RENEE MONTAGNE, host:
This is MORNING EDITION from NPR News. I'm Renee Montagne.
STEVE INSKEEP, host:
And I'm Steve Inskeep.
The Dubai Ports World controversy did not take a break for the weekend. Yesterday, the Persian Gulf company tried to head off a heated debate. The company owned by the government of Dubai plans to take over management of terminals at six American seaports. It asked the White House and Congress to conduct a thorough review to assure Americans that that deal poses no threat to national security. The proposal offered a way out of the controversy and the White House agreed last night.
Here's NPR's Adam Davidson.
ADAM DAVIDSON reporting:
Dubai Ports World officials are eager to point out that they are not throwing in the towel. They are not giving up on the acquisition of P&O ports and its management of terminals at six U.S. ports. Mike Moore is Dubai Ports' senior vice president.
Mr. MIKE MOORE (Senior Vice President, Dubai Ports World): I can be very clear. We're making no plans whatsoever. We have no thoughts whatsoever about separating any of the assets.
DAVIDSON: Dubai Ports has asked the Bush Administration to begin a second, thorough investigation of the company. Specifically, they have asked the White House to trigger the second phase of the Exxon-Florio provision, a formal 45-day review by 12 government agencies of the National Security Implications of Foreign Investment in the U.S. The company passed the first phase unanimously just over two weeks ago. Moore says they expect a similar result this time.
Mr. MOORE: We expect to have a unanimous recommendation from all 12 agencies.
DAVIDSON: It seems clear, though, that for Dubai Ports and the White House, the real audience for this 45-day review is Capitol Hill. Lawmakers from both parties have angrily questioned the deal. Stephen Hadley, President Bush's National Security Advisor, spoke on CBS's Face the Nation.
Mr. STEPHEN HADLEY (National Security Advisor): The security considerations here have been well addressed. There isn't a security risk. This needs to be made clear to the Congress and to the American people.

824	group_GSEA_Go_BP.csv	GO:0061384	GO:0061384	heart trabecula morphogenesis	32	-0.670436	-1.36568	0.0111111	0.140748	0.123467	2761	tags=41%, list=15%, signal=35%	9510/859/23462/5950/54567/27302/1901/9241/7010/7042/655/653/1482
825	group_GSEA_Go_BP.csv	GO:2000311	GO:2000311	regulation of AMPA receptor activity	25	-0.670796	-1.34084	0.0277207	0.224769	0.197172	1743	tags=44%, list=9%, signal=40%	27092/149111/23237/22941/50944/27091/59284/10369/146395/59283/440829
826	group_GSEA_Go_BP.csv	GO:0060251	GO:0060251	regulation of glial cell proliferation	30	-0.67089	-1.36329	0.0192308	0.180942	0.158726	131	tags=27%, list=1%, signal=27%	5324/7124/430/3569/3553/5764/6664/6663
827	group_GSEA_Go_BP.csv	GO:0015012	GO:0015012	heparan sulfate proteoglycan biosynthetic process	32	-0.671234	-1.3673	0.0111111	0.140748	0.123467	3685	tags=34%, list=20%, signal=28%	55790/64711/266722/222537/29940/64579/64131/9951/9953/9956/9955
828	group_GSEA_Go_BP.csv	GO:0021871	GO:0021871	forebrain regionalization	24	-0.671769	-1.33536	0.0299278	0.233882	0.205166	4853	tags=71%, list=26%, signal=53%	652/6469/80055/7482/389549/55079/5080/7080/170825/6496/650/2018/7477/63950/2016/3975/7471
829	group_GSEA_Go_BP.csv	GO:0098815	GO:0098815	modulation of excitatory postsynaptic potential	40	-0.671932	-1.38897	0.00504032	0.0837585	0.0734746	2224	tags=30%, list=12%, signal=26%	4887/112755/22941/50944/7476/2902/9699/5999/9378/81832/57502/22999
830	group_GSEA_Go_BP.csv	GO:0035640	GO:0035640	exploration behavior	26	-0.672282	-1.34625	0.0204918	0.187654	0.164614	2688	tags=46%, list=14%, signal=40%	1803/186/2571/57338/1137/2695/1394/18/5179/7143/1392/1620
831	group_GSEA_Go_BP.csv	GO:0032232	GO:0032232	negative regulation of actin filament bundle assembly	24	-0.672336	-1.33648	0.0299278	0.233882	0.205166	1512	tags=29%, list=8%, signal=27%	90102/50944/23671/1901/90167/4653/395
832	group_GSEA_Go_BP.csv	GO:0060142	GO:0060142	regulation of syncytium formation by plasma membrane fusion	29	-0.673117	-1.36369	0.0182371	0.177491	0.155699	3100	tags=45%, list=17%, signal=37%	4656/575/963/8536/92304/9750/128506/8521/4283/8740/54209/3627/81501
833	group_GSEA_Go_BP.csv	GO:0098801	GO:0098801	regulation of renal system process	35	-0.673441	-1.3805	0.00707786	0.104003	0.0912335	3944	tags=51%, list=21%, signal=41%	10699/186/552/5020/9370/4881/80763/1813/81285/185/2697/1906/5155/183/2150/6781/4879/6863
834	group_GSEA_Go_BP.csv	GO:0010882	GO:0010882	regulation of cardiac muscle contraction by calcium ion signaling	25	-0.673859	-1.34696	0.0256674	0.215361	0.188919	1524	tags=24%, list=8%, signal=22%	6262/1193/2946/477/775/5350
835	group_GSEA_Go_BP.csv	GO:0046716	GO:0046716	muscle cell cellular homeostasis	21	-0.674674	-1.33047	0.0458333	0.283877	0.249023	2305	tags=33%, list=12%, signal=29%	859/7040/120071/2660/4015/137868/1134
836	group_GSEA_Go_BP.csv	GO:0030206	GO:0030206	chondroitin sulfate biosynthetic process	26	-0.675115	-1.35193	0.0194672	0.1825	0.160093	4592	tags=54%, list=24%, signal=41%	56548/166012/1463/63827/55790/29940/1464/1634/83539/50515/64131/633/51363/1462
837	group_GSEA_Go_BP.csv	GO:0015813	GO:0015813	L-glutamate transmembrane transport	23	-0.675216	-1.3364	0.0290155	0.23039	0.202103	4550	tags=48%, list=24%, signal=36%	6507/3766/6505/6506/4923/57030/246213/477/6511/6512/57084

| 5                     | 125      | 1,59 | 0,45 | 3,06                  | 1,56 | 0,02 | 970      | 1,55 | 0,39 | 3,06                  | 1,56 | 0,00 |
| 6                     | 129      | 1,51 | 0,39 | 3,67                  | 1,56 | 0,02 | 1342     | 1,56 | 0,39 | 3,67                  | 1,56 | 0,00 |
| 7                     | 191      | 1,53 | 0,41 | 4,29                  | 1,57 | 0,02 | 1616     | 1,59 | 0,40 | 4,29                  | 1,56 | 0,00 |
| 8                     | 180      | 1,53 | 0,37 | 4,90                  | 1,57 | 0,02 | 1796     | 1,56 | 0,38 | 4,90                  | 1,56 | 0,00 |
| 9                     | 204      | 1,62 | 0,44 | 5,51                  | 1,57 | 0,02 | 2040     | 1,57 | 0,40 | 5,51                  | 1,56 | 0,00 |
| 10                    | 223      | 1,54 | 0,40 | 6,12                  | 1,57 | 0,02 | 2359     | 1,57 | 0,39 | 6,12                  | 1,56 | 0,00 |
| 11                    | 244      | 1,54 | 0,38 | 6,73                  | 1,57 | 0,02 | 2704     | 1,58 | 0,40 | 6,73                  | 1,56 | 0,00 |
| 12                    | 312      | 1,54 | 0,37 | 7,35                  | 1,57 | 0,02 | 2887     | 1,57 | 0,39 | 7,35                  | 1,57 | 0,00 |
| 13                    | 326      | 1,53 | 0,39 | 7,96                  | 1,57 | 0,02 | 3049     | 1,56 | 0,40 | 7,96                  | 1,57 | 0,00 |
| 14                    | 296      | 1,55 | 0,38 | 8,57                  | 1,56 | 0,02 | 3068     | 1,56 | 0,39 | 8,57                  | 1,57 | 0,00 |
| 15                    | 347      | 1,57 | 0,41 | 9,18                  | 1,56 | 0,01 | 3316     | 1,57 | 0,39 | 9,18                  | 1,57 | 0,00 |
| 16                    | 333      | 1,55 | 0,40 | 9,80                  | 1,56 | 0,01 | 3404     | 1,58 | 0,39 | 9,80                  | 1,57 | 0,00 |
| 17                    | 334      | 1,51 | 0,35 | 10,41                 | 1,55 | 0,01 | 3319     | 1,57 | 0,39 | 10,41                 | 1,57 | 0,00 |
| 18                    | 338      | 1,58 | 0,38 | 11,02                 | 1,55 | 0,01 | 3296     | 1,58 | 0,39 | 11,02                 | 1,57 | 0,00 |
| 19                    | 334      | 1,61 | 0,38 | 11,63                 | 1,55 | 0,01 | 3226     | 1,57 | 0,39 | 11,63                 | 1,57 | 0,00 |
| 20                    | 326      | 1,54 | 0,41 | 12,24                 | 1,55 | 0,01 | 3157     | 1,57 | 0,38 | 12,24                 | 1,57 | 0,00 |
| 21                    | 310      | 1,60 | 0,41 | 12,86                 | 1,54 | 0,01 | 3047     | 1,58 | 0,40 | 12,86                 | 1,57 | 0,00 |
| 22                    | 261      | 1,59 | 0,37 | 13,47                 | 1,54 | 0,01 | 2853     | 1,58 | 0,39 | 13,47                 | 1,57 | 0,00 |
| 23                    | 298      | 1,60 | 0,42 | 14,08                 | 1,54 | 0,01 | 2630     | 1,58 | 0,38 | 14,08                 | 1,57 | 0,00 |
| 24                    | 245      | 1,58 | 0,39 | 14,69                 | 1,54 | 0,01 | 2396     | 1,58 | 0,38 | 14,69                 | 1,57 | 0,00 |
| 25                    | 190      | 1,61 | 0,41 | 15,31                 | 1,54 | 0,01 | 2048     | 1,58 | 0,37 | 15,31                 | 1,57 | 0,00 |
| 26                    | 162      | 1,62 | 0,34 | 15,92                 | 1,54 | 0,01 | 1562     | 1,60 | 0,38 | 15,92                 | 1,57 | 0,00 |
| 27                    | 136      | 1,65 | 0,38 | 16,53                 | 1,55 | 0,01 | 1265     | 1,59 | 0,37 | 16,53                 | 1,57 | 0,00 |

DAVIDSON: It wasn't clear if this new review will quiet the anger of the deal's greatest critics. Senator Lindsey Graham, a Republican from South Carolina, appeared on the same program.
Senator LINDSEY GRAHAM (Republican, South Carolina): If a terminal operator is infiltrated by a terrorist organization, it could wreak havoc on our terminals.
Senator Charles Schumer, Democrat of New York, has been the leading voice attacking the Dubai Ports deal. He welcomed the comprehensive review.
Senator CHARLES SCHUMER (Democrat, New York): If, after the 45-day investigation, the report is shared with Congress, the public parts with the American people, and then Congress gets some breathing space to approve or disapprove the deal, that would be just fine, there wouldn't have to be a confrontation.
DAVISON: Dubai Ports World is finalizing the purchase of the British firm P&O Ports. That acquisition will give Dubai Ports contracts to manage terminals throughout the world, including at six ports in the U.S. Senator Schumer and others have questioned the deal, saying some of the financing for the 9/11 attacks came through Dubai-based financial institutions. The vast majority of the U.S. ports security experts, though, have said the deal poses little or no threat to national security.
President Bush has called Dubai a close ally in the war on terror. The U.S. Coast Guard and Customs are responsible for security at all U.S. ports, and Dubai Ports is a well-regarded international company. Dubai Ports' Michael Moore says the acquisition of P&O Ports will go forward, but the U.S. portion of the deal will be segregated.
Mr. MOORE: We simply will not interfere in any way the operations in the United States until the 45-day review period is passed.
DAVISON: Dubai Ports will finalize the purchase of P&O Ports by Thursday of this week in London, Moore says. However, even if the White House and the Congress approve of the deal, Dubai Ports could face several city and state lawsuits in the U.S. The state of New Jersey is suing for permission to cancel the contract to operate a terminal in Newark. Other municipalities are exploring similar lawsuits.
Adam Davidson, NPR News.
NPR transcripts are created on a rush deadline by Verb8tm, Inc., an NPR contractor, and produced using a proprietary transcription process developed with NPR. This text may not be in its final form and may be updated or revised in the future. Accuracy and availability may vary. The authoritative record of NPR’s programming is the audio record.